But in various cultures, including to some extent ancient Israel, shame is a programmed deterrent that the society applies to certain individuals who have failed to meet the expectations of that society. In such cases, shame is more tangible or ritualistic and is levied on people to encourage conformity. In various cultures, criminals are put on public display in order to “shame” them. Supposed deeds are broadcast, and a person’s life is opened like a book for everyone to see. Imagine how you might feel if, in order to promote godliness here at the church, we projected your shortcomings and sins up on our screens for everyone to see! That is, among other things, what the Psalmist is so desperately concerned about here. He feels no personal shame, for he has done nothing wrong. Instead, lying lips, false accusations, and belligerent neighbors have put him in a
position where he anticipates being publicly humiliated—being made a spectacle. “Don’t let that happen, Lord. Please, deliver me from this predicament. Lead me safely out of this overwhelming situation.”

What a powerful and relevant prayer this is. “Give me strength and stability in the face of this crisis—my own resources are running out and I don’t want to fall. Give me protection from these assaults—my defenses are frighteningly low. And deliver me—help me to come out of this mess whole.” And in the Psalmist’s case, note the concluding lines. “Blessed be the Lord,…for you heard…when I cried out to you (vv. 21-22). “Love the Lord, all you his saints. The Lord preserves the faithful,…” (v. 23). The Lord, the Psalmist realizes again, encamps around us. He is the pole, the shelter, the rock in times of trouble.

Psalm 31 is, as you have perhaps already recognized, strikingly current. And if it isn’t “applicable” to you at this moment, it no doubt will be at some point in the not-too-distant-future. Crises are, quite frankly, a part of life—life is a roller coaster ride at times, and occasionally the lows—the drops—seem overwhelming, don’t they. Like the Psalmist here, we may be caught in distressing health issues. I visited Nikki Keyser a few days ago—remember that she joined the church in April and we showed her testimony on the screen. She is not well at all physically. Her cancer continues to worsen, and her days, barring a miracle, are few. It is a scary and mysterious time for her. She needs a rock. A shelter. A place of refuge. Perhaps some here are, like the Psalmist, feeling as though you are the target of ridicule and false accusations. You’ve been deserted by your friends or perhaps even your family. But perhaps your crisis—your struggle—seems different from any mentioned here. You are battling temptation, struggling again with thoughts and sins that just won’t seem to go away. You feel caught or trapped in a seemingly inescapable predicament. You are overwhelmed by responsibilities at home or at work. You’re weary and depressed. The cries of Psalm 31 could very well be your own, even if the circumstances are different.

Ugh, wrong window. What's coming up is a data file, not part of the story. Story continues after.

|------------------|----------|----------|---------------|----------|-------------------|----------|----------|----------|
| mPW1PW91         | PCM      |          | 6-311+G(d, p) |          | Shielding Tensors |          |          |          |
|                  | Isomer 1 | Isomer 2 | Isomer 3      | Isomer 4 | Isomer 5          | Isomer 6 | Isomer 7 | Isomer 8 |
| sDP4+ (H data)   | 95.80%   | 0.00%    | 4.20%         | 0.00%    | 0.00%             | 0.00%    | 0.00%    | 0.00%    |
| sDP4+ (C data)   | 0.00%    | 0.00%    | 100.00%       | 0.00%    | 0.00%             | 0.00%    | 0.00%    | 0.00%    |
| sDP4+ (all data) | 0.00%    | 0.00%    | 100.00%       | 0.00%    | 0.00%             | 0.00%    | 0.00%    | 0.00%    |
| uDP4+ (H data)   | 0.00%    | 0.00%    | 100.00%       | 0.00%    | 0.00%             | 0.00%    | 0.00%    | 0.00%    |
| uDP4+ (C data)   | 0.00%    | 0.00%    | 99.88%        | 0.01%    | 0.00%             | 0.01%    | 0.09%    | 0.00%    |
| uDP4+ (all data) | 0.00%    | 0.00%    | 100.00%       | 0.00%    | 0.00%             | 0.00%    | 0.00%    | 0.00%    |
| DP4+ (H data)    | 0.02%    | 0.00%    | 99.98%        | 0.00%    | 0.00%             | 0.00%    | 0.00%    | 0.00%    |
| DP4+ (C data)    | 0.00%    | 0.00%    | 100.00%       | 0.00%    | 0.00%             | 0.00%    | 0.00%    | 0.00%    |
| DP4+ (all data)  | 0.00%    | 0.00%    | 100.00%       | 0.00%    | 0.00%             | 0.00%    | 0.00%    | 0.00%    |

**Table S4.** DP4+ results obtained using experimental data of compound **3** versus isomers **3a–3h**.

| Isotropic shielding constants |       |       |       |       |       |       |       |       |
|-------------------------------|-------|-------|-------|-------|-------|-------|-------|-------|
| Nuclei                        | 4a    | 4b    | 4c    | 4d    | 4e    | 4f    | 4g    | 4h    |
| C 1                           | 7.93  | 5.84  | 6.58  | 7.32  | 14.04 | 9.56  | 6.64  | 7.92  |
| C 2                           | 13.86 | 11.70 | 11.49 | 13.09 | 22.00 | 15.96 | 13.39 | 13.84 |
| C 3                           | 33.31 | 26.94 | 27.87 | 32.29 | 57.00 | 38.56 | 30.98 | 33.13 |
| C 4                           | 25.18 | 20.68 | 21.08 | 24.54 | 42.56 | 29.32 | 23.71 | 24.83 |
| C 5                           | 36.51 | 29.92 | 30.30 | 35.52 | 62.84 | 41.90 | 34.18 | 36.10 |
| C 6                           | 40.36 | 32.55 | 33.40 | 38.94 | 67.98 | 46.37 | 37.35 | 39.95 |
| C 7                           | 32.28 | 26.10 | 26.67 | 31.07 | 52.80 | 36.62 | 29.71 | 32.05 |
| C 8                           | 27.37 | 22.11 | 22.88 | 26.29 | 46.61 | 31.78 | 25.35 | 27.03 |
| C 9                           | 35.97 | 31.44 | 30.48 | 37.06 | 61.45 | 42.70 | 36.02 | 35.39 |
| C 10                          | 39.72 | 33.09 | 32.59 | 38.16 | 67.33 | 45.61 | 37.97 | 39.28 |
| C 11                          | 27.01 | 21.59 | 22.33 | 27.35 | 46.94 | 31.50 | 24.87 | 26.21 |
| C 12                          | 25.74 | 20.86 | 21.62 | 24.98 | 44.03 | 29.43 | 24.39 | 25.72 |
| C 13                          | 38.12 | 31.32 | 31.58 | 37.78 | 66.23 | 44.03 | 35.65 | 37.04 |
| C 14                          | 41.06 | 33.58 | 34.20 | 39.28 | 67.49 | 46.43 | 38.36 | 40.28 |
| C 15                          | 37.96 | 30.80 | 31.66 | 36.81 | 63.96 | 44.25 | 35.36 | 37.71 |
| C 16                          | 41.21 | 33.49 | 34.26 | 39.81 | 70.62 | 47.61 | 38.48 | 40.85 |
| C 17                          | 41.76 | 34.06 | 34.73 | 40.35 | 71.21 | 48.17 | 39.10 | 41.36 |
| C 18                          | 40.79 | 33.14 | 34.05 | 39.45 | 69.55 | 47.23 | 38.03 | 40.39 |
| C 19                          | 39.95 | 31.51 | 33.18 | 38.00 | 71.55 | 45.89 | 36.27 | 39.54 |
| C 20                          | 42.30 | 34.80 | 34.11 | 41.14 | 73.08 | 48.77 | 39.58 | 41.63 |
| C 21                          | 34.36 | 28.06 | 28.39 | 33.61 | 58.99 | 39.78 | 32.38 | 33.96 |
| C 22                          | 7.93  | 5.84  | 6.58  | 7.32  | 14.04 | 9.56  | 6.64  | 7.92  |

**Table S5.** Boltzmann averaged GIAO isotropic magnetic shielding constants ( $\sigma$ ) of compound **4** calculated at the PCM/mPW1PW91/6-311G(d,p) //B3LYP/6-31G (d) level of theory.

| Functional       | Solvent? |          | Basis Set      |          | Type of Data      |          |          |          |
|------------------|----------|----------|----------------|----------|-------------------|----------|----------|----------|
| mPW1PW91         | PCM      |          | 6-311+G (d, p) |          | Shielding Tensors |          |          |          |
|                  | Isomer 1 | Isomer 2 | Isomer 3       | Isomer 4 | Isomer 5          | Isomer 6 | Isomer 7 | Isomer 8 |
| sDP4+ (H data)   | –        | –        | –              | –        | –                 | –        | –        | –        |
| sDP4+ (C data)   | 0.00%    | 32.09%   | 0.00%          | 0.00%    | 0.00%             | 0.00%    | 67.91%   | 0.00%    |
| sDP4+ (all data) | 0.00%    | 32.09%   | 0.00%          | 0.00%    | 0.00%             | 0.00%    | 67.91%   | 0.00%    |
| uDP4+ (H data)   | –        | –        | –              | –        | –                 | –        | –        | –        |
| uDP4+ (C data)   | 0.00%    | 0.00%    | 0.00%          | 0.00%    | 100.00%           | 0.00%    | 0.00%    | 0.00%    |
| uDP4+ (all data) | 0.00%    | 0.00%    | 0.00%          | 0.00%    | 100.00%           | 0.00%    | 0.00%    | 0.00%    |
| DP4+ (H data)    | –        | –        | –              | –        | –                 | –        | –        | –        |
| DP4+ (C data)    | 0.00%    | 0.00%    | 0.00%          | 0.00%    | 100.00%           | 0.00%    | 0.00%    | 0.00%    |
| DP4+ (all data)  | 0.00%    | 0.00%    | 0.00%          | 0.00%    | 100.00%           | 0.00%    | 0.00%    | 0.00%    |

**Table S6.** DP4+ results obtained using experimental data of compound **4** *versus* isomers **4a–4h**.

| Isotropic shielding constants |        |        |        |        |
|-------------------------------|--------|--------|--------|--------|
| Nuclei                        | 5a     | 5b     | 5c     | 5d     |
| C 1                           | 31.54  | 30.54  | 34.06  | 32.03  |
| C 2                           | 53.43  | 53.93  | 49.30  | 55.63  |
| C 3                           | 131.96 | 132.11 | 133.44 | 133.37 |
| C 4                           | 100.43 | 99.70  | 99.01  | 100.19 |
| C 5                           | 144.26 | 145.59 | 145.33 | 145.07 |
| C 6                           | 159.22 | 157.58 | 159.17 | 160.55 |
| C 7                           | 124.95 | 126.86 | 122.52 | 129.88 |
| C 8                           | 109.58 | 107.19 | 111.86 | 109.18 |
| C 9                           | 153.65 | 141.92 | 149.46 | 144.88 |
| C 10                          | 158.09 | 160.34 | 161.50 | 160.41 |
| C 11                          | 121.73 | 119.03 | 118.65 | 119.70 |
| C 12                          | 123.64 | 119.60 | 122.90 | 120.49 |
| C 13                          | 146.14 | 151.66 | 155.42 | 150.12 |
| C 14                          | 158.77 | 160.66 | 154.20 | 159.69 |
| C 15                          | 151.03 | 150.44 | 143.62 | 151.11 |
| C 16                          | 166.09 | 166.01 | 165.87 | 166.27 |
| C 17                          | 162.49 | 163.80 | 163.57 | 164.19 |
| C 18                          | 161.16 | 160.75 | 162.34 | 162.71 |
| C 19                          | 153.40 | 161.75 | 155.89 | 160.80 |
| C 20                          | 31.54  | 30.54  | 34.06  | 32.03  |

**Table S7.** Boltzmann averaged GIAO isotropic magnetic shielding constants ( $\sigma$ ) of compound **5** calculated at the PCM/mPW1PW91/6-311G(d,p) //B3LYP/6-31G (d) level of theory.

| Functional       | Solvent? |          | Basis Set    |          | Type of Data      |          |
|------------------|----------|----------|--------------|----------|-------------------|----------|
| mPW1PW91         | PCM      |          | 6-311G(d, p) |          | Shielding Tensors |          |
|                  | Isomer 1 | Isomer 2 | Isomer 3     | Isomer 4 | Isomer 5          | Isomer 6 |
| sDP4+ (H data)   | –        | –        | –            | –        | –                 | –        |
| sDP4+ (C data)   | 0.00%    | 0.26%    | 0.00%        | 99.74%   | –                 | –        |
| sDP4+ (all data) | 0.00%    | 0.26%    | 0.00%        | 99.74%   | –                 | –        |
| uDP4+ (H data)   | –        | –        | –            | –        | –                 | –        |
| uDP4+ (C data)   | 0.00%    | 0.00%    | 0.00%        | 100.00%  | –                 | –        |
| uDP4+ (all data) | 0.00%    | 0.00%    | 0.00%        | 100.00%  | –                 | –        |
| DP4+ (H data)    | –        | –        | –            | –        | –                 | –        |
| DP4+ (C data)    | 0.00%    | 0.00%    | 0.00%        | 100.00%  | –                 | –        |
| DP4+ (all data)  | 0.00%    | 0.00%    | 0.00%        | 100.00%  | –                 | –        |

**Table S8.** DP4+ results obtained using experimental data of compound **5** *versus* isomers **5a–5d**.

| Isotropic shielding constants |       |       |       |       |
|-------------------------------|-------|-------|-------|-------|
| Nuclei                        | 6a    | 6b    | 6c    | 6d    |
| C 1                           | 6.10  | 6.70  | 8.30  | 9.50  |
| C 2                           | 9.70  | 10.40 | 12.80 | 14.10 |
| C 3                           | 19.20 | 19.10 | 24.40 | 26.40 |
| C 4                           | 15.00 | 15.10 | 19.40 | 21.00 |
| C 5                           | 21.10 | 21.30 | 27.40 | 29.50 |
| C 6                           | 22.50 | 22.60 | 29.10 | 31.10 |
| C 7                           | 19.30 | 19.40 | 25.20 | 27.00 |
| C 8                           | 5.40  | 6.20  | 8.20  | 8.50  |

For all of us who share humanity in common, Psalm 31 offers us hope and encouragement. This Psalm invites us to do at least these things:
Go directly to God in the face of crisis. We so often drown out our troubles with other stuff. We substitute hyperactivity, drugs, unhealthy relationships, food and possessions—you name it—for God, and we never get at the real heart of the matter.
When you go to God, imagine him as a source of help. In our despair, we are inclined to view God either as unresponsive, uncaring, or even part of the problem. This, I believe, is of fundamental importance for all of us. The Bible in general and Psalm 31 in particular emphasize this point—God is on our side. “It is better to take refuge in the Lord than to put confidence in mortals,” we read in Psalm. 118:8.
Name the underlying causes of your distress as specifically as you can. Why are you so anxious? What factors have led you to this point?
And when you go to God, ask him for strength, stability, protection, and deliverance. Perhaps you want even to pray the very words of Psalm 31, particularly the opening several lines. “Lord, give me strength to stand in the face of trials and temptations. Lord, protect me from harm and evil. And Lord, help me to come out at the other end in safety.”

I never want to minimize the complexities of the many struggles that we face, nor would I ever tell you that those struggles quickly fade away. There is a rightful place for therapy, medication, support groups, and on and on. But I do believe this, and I think this truth lies at the very heart of Psalm 31. True hope and healing begins with a shift in our theological imaginations, in our views of God. God, the Psalmist assures us here in Psalm 31, is our rock, our fortress, our place of refuge. “If God be for us,” the Apostle Paul asked his audience in Rome, “who is against us (Rom. 8:31)?” “Who will separate us from the love of Christ?” he continued. “Will hardship, or distress, or persecution, or famine, or nakedness, or peril, or sword?” “No, in all these things we are more than conquerors through him who loved us.”

A tree clinging to a rock just beside a stream. A commuter in a subway car hanging on to the pole for dear life. A roller-coaster rider squeezing the safety bar. A child clutching the leg of mom or dad. Followers of Jesus putting all of their hope and trust in God. The Lord, Psalm 31 assures us, encamps around us. He is our strength. Our protection. Our eternal hope.